Iran's hard-line president said Wednesday that his country welcomes talks with the United States should the American president prove to be "honest" in extending its hand toward Iran, one of the strongest signals yet that Tehran welcomes Barack Obama's calls for dialogue.

Ahmadinejad comments come after Obama said his administration is looking for opportunities to engage Iran and pledged to rethink Washington's relationship with Tehran. At his inauguration in January, Obama said his administration would reach out to rival states, saying "we will extend a hand if you are willing to unclench your fist."

Last month, Iran's supreme leader, Ayatollah Ali Khamenei, rebuffed Obama's video message on the occasion of Nowruz, the Persian new year, in which the president reached out to the Iranian people. Khamenei said Tehran was still waiting to see concrete changes in U.S. policy.

But Ahmadinejad offered a more conciliatory tone Wednesday.

"The Iranian nation welcomes a hand extended to it should it really and truly be based on honesty, justice and respect," Ahmadinejad said in a speech broadcast live on state television.

Ahmadinejad, however, said Obama will meet the fate of former President George W. Bush if he is proved not to be honest.

"But if, God forbid, the extended hand has an honest appearance but contains no honesty in content, it will meet the same response the Iranian nation gave to Mr. Bush," Ahmadinejad said.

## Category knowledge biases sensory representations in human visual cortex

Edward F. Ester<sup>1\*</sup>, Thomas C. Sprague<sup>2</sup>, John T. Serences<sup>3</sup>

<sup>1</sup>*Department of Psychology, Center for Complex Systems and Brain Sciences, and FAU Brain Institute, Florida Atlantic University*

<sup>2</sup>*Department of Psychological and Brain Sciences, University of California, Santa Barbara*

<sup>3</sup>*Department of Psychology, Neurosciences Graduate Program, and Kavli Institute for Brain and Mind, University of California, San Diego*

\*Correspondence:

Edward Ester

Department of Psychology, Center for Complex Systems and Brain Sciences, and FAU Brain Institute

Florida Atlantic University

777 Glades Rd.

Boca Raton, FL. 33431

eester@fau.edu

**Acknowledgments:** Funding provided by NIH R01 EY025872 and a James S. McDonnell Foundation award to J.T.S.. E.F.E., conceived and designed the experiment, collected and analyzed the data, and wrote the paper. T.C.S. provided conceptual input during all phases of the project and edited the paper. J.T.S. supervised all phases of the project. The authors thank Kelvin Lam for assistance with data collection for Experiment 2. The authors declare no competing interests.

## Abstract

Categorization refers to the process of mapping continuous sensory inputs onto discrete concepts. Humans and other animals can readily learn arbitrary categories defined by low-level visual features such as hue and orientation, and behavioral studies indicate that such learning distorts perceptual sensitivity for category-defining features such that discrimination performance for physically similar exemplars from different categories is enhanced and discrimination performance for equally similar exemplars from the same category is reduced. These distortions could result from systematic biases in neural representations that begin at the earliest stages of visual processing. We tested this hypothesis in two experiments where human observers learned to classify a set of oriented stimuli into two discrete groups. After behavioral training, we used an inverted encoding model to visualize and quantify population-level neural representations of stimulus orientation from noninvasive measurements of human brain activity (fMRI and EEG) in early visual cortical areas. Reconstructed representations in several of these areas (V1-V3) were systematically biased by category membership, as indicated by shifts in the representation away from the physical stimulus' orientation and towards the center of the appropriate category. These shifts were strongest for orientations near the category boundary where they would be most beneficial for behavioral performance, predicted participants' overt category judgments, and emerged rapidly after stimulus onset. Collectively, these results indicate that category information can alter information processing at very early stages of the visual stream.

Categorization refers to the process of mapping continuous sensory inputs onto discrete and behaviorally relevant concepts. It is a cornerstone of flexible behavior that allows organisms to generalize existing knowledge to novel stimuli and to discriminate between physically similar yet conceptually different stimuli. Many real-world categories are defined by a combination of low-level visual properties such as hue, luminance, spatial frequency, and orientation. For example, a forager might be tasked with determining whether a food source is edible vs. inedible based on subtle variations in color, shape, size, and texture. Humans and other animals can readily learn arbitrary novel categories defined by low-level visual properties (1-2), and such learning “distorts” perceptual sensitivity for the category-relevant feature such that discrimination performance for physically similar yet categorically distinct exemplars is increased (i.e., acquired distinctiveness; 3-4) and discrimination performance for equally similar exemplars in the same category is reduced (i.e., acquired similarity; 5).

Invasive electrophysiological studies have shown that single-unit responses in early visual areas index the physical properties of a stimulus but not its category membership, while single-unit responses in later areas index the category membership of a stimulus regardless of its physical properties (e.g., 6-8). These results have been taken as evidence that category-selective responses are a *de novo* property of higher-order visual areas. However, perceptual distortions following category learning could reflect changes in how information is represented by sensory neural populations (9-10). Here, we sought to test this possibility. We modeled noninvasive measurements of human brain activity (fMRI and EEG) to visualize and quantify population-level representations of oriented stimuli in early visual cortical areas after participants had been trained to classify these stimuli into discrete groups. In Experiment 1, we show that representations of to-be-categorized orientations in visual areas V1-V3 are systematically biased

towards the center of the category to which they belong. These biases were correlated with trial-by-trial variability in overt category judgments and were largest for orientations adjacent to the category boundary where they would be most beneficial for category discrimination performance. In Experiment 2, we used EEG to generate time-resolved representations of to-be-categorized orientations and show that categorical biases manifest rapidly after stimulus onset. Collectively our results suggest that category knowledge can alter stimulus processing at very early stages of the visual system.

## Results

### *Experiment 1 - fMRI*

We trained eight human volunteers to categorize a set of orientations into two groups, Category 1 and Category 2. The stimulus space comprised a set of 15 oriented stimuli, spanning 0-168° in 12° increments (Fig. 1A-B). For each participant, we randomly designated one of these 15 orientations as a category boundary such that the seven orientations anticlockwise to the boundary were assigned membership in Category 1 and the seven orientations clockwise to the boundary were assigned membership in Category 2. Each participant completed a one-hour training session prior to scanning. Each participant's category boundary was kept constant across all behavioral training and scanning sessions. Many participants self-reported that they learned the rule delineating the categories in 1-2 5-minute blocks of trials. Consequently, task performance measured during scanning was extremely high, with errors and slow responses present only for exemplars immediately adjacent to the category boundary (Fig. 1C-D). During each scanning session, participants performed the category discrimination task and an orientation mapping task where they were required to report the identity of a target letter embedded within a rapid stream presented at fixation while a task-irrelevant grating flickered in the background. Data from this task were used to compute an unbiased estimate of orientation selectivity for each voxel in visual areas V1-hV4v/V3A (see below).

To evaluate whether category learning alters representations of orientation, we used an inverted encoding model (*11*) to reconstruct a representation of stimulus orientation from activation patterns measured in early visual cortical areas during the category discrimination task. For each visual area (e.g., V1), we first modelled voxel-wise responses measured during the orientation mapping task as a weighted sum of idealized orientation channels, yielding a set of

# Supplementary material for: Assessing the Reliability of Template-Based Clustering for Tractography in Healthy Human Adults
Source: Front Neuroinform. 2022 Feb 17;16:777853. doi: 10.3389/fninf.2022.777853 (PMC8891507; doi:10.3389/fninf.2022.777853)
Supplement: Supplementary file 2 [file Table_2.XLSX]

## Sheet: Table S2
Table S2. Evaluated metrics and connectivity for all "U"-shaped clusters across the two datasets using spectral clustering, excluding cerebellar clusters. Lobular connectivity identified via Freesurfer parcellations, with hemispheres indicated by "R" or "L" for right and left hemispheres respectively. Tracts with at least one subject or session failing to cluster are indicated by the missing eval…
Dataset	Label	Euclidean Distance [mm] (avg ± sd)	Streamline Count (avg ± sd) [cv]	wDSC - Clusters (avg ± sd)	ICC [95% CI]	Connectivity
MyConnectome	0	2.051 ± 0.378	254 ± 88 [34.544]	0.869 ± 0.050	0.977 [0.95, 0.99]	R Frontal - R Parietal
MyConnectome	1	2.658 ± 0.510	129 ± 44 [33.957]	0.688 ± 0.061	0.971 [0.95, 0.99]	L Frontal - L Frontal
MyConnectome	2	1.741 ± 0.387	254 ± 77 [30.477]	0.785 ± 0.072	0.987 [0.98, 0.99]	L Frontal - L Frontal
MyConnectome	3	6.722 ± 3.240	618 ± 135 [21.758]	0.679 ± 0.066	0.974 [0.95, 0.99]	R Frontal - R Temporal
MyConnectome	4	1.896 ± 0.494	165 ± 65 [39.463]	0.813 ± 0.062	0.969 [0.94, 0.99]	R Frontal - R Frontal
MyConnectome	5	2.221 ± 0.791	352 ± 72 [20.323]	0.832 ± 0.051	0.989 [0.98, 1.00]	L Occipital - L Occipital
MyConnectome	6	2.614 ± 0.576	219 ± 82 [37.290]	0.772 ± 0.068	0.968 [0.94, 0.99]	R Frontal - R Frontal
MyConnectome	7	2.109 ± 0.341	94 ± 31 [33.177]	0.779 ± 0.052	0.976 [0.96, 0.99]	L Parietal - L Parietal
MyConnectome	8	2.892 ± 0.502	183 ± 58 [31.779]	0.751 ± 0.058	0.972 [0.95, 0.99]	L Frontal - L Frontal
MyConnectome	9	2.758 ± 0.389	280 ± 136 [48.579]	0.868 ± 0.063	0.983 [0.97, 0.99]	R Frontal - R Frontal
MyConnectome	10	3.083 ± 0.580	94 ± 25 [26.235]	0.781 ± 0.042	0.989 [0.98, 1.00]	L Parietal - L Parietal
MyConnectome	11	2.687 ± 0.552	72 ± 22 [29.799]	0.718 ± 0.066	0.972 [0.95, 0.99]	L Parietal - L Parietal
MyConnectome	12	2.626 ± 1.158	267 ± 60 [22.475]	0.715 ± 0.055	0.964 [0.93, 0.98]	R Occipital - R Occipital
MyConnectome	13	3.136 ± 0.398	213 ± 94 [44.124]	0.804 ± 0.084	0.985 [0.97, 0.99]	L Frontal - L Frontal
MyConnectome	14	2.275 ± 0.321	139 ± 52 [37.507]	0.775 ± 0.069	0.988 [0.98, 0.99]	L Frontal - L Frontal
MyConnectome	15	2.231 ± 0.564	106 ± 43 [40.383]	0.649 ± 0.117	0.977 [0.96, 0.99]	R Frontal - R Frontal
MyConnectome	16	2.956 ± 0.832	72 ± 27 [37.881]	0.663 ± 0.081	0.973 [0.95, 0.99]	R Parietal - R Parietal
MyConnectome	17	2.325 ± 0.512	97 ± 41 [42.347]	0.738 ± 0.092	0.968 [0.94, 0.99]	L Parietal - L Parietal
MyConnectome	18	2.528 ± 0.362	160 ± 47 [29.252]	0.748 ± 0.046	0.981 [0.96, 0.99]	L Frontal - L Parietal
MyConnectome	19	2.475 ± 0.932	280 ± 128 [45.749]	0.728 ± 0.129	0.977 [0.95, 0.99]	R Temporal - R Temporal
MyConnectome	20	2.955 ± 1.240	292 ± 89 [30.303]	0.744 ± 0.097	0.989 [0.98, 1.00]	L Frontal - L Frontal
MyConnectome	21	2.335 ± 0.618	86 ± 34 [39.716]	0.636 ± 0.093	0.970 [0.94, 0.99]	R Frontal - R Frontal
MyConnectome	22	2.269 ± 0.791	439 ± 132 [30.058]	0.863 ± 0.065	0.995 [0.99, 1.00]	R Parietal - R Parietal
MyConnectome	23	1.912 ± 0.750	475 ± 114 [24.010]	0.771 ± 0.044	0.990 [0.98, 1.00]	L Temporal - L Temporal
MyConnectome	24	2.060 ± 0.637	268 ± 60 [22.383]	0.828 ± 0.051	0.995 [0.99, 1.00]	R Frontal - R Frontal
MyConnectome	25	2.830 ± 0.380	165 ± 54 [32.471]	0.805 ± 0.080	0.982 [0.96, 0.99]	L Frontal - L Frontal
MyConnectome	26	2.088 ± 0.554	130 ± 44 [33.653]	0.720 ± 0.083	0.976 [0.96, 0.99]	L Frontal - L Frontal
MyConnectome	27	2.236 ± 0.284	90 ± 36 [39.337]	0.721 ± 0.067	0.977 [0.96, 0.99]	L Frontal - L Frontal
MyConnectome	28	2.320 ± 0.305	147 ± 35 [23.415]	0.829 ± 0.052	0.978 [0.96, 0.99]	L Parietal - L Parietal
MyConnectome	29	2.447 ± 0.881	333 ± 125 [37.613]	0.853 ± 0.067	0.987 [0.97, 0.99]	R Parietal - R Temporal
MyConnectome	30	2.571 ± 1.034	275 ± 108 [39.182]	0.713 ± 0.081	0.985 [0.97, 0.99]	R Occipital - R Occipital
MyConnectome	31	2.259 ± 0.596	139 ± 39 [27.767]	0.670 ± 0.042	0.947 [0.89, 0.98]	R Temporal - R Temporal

Iranian leaders have struck a moderate — but cautious — tone about Obama since his election in November. Ahmadinejad sent Obama a message of congratulations after he was elected — the first time an Iranian leader offered such wishes to the winner of a U.S. presidential race since the two countries broke off relations.

Diplomatic ties between the U.S. and Iran were cut after the U.S. Embassy hostage-taking that followed the 1979 Islamic Revolution. The revolution toppled the pro-U.S. shah and brought to power a government of Islamic clerics.

The United States cooperated with Iran in late 2001 and 2002 in the Afghanistan conflict, but the promising contacts fizzled — and were extinguished completely when Bush branded Tehran part of the "Axis of Evil."